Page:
“I used to go to a Korean Buddhist temple, for 15 years. So I am very much ‘It is what it is.’ You know, having good vision is temporary. Being alive is temporary. I was very matter of fact about it,” says Richie.

Richie decided to contact the KOL on Wolfram Syndrome, Dr. Fumihiko Urano, MD, PhD, of the Washington University School of Medicine in St. Louis, Missouri,  and received a response. A meeting was scheduled with Richie, his wife, Dr. Urano and the clinical research nurse. Dr. Urano determined that Richie did not have Wolfram Syndrome but had Wolfram-like Syndrome.

“And I said, what is that?” says Richie.

Wolfram-like Syndrome is a rare disease, a disorder of the endoplasmic stress reticulum. It typically manifests between the ages of 6 and 8 years old, with optic atrophy that is often slow progressing. Later, many individuals develop insulin dependent diabetes. Sensory and other hearing loss may also occur.

“My particular flavor of the disorder, I was told by Dr. Urano, was only discovered by science in 2019,” says Richie. “I am patient number 17.”

The other 16 individuals presented symptom onset more typical of Wolfram-like Syndrome.

“Here I am, a unique and special snowflake, just like everybody else with a rare disease, right?” smiles Richie. “We have no way of knowing what the progression will be like. Eight or nine months after chatting with Fumi (Dr. Urano) for the first time, I had lost 15% of my vision. Today,  I have lost almost 50%. So we’re preparing for legal blindness, I mean, I could be there right now. It depends on the test you take. But again, I am using this as an opportunity to focus on incorporating the patient perspective into clinical trial designs, creating studies that are less burdensome and building awareness of the whole thing.”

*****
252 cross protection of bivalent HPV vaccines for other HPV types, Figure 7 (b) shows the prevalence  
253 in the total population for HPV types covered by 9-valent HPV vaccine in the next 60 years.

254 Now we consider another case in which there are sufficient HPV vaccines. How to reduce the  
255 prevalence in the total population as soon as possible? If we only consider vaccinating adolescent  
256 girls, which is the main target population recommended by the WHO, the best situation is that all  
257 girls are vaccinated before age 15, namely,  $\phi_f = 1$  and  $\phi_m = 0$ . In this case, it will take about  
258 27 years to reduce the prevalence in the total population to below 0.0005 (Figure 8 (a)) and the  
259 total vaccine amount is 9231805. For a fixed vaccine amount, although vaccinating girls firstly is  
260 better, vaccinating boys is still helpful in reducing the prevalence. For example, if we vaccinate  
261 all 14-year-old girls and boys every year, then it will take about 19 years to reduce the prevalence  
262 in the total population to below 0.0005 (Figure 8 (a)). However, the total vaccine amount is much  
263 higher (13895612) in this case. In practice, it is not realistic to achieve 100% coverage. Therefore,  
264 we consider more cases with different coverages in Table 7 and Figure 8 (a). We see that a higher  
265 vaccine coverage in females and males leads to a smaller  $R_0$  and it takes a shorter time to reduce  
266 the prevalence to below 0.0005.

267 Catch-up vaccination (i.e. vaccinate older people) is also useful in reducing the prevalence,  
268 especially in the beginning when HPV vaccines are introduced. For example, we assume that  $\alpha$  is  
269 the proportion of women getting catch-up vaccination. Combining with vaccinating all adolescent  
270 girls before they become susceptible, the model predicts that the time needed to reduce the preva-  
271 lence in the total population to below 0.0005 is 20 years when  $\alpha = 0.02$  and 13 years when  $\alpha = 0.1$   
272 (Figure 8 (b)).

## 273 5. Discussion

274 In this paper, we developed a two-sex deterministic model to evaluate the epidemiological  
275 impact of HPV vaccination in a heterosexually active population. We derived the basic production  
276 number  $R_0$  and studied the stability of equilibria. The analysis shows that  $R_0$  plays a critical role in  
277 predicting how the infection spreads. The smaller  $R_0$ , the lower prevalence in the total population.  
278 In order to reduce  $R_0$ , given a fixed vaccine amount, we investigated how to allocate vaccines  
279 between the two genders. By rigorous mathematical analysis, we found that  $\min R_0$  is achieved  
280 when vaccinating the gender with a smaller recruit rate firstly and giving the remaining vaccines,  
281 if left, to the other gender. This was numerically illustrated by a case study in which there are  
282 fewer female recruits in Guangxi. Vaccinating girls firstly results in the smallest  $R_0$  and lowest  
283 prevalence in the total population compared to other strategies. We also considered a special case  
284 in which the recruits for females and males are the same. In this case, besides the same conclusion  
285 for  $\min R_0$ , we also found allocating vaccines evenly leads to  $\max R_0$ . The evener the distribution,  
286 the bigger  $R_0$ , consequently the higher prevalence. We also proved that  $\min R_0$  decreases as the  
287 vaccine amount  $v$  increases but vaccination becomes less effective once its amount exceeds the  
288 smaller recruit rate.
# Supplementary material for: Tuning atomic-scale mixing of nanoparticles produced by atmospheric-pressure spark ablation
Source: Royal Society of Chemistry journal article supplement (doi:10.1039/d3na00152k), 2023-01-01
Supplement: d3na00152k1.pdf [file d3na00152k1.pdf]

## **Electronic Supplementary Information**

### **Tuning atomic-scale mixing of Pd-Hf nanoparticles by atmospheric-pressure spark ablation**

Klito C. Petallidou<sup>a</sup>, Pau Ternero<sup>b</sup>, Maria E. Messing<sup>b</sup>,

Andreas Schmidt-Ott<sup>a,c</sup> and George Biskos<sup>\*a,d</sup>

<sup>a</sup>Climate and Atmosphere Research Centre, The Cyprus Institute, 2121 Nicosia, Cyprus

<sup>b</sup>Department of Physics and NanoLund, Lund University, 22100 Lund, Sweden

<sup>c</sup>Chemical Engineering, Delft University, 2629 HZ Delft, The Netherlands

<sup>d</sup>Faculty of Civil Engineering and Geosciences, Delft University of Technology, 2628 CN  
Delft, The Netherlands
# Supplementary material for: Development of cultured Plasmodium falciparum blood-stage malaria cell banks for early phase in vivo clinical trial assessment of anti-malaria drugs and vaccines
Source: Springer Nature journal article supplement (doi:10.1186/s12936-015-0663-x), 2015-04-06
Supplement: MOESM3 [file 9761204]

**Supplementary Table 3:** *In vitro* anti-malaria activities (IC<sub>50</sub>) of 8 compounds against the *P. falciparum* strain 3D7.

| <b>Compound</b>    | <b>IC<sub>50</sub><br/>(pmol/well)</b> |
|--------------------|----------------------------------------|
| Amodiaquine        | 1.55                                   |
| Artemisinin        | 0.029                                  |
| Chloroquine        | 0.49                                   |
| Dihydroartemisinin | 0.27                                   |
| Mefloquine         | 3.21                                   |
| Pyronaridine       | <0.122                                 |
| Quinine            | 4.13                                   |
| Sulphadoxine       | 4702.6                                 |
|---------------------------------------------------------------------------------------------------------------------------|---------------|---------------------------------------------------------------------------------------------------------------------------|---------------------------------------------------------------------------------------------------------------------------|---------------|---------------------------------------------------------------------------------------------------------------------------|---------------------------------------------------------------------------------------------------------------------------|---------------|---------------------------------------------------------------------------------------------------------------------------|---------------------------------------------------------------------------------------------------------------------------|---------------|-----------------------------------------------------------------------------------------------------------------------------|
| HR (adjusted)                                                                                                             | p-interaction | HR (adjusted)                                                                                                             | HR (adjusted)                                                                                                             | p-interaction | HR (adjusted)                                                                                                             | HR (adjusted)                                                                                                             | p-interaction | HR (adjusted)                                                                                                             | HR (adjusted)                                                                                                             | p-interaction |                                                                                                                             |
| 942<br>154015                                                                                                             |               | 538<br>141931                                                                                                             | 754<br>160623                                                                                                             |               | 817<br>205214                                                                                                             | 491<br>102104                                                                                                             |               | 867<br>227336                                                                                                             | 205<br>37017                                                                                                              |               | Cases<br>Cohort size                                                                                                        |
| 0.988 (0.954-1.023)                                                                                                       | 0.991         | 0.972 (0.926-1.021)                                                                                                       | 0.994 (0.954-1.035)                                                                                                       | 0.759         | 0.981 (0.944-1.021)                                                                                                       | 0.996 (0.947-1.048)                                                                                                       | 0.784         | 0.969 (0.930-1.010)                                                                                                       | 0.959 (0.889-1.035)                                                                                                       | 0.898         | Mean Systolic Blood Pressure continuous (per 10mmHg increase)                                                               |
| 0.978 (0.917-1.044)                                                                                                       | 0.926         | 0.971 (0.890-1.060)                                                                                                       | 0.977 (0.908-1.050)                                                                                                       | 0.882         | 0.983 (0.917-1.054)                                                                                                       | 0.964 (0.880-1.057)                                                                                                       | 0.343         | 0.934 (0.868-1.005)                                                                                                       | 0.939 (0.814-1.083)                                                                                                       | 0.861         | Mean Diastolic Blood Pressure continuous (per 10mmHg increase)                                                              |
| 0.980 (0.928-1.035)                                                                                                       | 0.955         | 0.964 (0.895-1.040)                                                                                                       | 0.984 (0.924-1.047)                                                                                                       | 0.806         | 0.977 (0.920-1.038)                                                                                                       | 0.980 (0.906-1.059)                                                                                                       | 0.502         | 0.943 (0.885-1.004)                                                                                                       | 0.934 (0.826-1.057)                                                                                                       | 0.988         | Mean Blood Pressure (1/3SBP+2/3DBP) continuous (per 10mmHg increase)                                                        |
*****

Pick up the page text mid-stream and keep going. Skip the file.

Wolfram-like Syndrome is an orphan disease, without any treatment and currently no clinical trials being conducted.  Richie has connected with Amylyx Pharmaceuticals, in Cambridge, Massachusetts, a company that has been granted Orphan Drug Designation for AMX0035 for the treatment of Wolfram Syndrome.

 “I’ve connected with the key opinion leader and looking to connect with patients — anything I can do to help make their lives easier and bring promising new therapies to them. It’s a net win,” says Richie.

Richie further explains that research indicates that up to 3% of individuals of western European Jewish heritage (Ashkenazi) may be carriers for this genetic condition.

“It makes me scratch my head,” says Richie, “because some might manifest with diabetes and no vision loss. Some might think they have glaucoma but they’re not diabetic. So I wonder how many patients might conceivably have this condition and just are not aware.”

It’s clear that Richie’s view about participation in clinical research is towards assisting others who come after him and sharing awareness about the importance and magnitude of clinical research.

“For vision loss, while there’s really fantastic work being done, through the Catalyst for a Cure program at Glaucoma Research Foundation, and there’s a lot of really promising pre-clinical work right now, once you’ve lost your eyesight, in almost every scenario, it is what it is. It’s not reversible. So I’m not necessarily looking at this (upcoming) trial to restore vision loss, or anything like that, for me. If I can contribute and help the next patient, fantastic. If I can at least build awareness about clinical research as a care option, and research even being an option in the community, that’s great. But I am not counting on my disease progression slowing or vision restoration. It’s more about building awareness of research, for both patients and clinicians, contributing to science and work in vision restoration.”